Officially, known as Cleopatra VII, a name adopted from the beloved Cleopatra I, a young Syrian woman who married Egypt’s Ptolemy V, and who was one of thirty-three ancient women known to have held this Macedonian name. While they attempted to keep the blood lines pure through incest, there was no family loyalty – only bloody rivalry for power.
Egypt’s failing fortunes were already in serius decline while Cleopatra was educated in preparation to inherit its perilous throne at 16 years of age. Wracked by treacherous infighting of advisors to competing deadly siblings, Cleopatra was only able to consolidate her blood soaked power struggle by seducing Julius Caesar for support and later killing her deadly opponent siblings.
When Cleopatra VII died, it was the end of the long-standing (300 year) Ptolemaic dynasty and the end of Egypt’s independence for almost 2000 years:
Julius Caesar was a cerebral disciplined, cunning political strategist which ultimately leads to his triumph. Antony, though once a skilled military leader, is carnally distracted by Cleopatra, which is his political downfall. Cleopatra uses her physical beauty, seductive charm and sexual chemistry to cast her spells, wielding power through Julius Caesar and Antony by proxy. When she attempts similar tactics over Octavius, she fails and commits suicide by carefully chosen poisons.
The Story of Egypt by Joann Fletcher. Cleopatra (or Kleopatra as transcribed by Professor Fletcher) ruled Egypt from 51 BCE to 31 BCE. She found herself pursued by the superior forces of the Emperor Octavian of Rome, and holed up with Mark Antony in Alexandria, she made preparations for her suicide. Officially, she was Cleopatra VII, a name adopted from the beloved Cleopatra I, a young Syrian woman who married Egypt’s Ptolemy V, and who was one of thirty-three ancient women known to have held this Macedonian name. When Cleopatra VII died, it was the end of the long-standing Ptolemaic dynasty and the end of Egypt’s independence for almost 2000 years:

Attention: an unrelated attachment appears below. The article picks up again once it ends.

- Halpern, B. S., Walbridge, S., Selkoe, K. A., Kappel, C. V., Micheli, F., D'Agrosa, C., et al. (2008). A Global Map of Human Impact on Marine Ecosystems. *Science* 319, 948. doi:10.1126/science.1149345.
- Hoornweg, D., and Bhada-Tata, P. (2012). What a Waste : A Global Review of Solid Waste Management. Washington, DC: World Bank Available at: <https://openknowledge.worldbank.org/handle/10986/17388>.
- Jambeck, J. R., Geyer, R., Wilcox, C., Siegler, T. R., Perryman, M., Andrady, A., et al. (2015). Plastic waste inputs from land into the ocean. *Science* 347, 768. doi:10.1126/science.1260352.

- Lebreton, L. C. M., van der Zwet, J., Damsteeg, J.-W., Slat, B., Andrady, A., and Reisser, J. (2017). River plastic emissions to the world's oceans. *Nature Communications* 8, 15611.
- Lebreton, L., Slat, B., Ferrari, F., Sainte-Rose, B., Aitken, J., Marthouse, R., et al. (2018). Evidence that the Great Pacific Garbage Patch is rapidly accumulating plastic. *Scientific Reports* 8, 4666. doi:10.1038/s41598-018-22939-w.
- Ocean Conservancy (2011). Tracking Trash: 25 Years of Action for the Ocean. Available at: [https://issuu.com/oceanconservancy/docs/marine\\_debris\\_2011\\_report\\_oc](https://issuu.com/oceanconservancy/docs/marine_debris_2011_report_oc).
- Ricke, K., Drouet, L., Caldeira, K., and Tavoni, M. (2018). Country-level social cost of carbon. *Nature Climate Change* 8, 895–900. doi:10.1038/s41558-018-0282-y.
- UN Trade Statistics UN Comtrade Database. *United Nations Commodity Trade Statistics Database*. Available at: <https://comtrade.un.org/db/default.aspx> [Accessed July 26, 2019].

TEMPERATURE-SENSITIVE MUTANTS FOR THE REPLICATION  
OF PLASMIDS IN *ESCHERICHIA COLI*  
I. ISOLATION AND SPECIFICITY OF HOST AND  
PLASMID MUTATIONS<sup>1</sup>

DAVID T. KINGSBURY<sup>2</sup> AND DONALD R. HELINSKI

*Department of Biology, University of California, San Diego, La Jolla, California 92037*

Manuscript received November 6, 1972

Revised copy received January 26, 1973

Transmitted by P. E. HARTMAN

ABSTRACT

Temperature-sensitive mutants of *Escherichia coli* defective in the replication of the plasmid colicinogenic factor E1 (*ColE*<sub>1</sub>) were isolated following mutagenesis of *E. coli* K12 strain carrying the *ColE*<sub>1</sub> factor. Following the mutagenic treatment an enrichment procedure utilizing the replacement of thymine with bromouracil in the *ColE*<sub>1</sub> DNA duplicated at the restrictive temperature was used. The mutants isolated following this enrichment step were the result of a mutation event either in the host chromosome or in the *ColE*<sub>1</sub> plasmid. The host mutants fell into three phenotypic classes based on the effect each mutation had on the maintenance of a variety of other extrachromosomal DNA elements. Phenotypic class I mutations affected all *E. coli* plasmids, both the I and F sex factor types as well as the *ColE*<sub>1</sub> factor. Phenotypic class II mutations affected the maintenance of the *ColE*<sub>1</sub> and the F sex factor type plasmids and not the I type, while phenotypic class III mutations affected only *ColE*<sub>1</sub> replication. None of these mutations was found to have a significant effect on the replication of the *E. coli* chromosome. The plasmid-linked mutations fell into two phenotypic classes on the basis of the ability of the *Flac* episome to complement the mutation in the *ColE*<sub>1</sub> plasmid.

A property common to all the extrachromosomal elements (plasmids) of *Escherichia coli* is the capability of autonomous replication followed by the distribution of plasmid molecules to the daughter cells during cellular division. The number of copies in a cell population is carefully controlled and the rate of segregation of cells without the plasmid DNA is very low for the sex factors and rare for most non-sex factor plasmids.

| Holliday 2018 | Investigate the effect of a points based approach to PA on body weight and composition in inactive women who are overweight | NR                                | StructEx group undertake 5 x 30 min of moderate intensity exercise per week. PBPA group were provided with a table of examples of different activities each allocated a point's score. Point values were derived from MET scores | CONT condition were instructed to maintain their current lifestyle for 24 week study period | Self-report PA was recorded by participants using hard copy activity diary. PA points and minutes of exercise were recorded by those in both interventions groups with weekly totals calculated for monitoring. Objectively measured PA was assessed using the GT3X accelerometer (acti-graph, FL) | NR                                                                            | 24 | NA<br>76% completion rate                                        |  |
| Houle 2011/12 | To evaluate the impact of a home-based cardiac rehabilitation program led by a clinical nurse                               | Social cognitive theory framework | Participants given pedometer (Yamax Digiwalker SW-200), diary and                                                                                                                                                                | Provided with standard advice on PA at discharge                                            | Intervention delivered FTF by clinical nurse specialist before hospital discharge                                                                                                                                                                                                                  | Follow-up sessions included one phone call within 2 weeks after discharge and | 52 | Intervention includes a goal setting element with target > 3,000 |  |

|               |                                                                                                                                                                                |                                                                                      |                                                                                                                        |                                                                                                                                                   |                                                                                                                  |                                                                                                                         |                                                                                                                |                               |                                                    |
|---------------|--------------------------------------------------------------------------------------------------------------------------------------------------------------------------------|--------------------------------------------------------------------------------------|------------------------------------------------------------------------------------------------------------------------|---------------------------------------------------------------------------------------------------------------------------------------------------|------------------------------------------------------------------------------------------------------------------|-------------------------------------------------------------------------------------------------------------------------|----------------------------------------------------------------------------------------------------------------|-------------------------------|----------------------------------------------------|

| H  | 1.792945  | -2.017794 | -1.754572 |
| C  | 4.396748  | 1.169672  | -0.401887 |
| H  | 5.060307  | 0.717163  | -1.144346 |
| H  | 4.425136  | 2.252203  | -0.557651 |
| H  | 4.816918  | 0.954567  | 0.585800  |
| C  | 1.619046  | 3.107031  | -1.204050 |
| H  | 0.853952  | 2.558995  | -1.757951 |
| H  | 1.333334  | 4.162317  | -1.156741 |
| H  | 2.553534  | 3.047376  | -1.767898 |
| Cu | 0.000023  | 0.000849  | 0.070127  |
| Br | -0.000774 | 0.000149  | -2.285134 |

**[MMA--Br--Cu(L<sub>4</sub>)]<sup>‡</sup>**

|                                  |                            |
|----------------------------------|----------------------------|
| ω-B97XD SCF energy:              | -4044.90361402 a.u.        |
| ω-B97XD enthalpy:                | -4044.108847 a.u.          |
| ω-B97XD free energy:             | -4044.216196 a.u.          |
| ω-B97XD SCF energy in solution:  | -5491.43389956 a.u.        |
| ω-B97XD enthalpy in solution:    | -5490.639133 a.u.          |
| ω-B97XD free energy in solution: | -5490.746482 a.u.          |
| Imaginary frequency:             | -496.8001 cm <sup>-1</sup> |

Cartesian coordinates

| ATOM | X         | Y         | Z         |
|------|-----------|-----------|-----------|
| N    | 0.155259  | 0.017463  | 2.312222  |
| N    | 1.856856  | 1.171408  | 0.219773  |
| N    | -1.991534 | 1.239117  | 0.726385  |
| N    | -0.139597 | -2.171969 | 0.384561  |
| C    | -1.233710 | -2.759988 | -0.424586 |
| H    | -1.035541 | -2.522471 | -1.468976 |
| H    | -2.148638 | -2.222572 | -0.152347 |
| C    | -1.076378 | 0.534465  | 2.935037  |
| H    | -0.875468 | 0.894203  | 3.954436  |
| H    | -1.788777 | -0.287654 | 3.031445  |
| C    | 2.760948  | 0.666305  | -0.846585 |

“Although Octavian had control of the north and west [of Egypt], the east and south remained free, and this is where Kleopatra planned her next move. She was well aware that the Mediterranean was not Egypt’s only coastline, and since the Red Sea was the route to the east, so began a ‘most bold and wonderful enterprise’ as she followed the ancient Egyptian practice of transporting her remaining fleet overland, to ‘set afloat in the Arabian Gulf – to fight on a different front and, if needs be, escape.
“But disaster struck when her ships were destroyed, burned by Nabataen Arab traders who had long resented the Ptolemies’ incursions into their territory and were determined to maintain their trade routes around the Red Sea.
“It was this event, not Actium, that determined the fate of Kleopatra VII and Egypt.
“In a year-long stalemate, the couple, holed up in Alexandria, renamed their ‘Inimitable Livers’ dining club ‘Those who will die together’, a ‘Suicide Club’, partying each night quite literally as if there were no tomorrow.
“Determined to follow the example of her uncle Ptolemy of Cyprus [who committed suicide rather than subject himself to a humiliating imprisonment] when the Romans took his kingdom from him, rather than walking through Rome as a defeated enemy like her sister Arsinoe, Kleopatra planned an appropriate means of suicide should the need arise. As the sources reveal, she ‘was busied in making a collection of all varieties of poisonous drugs and in order to see which of them were the least painful in the operation’, including ‘venomous animals’, discovering a toxin that would supply the perfect means to pass over into the afterlife with the dignity befitting her status.
“At the news that Octavian’s forces were approaching south through Phoenicia, she stockpiled half ‘her gold, silver, emeralds, pearls, ebony, ivory and cinnamon’ in her tomb, and put her remaining efforts into the continuity of her dynasty. She sent sixteen-year-old Caesarian with the other half of her treasure to Koptos, from where supporters would take him across the Eastern Desert to the Red Sea to escape by ship; the three youngest royal children were also evacuated, placed in the care of their tutor, who took them south to Thebes.”
The Story of Egypt: The Civilization that Shaped the World
Author: Joann Fletcher Publisher: Pegasus Books Copyright 2016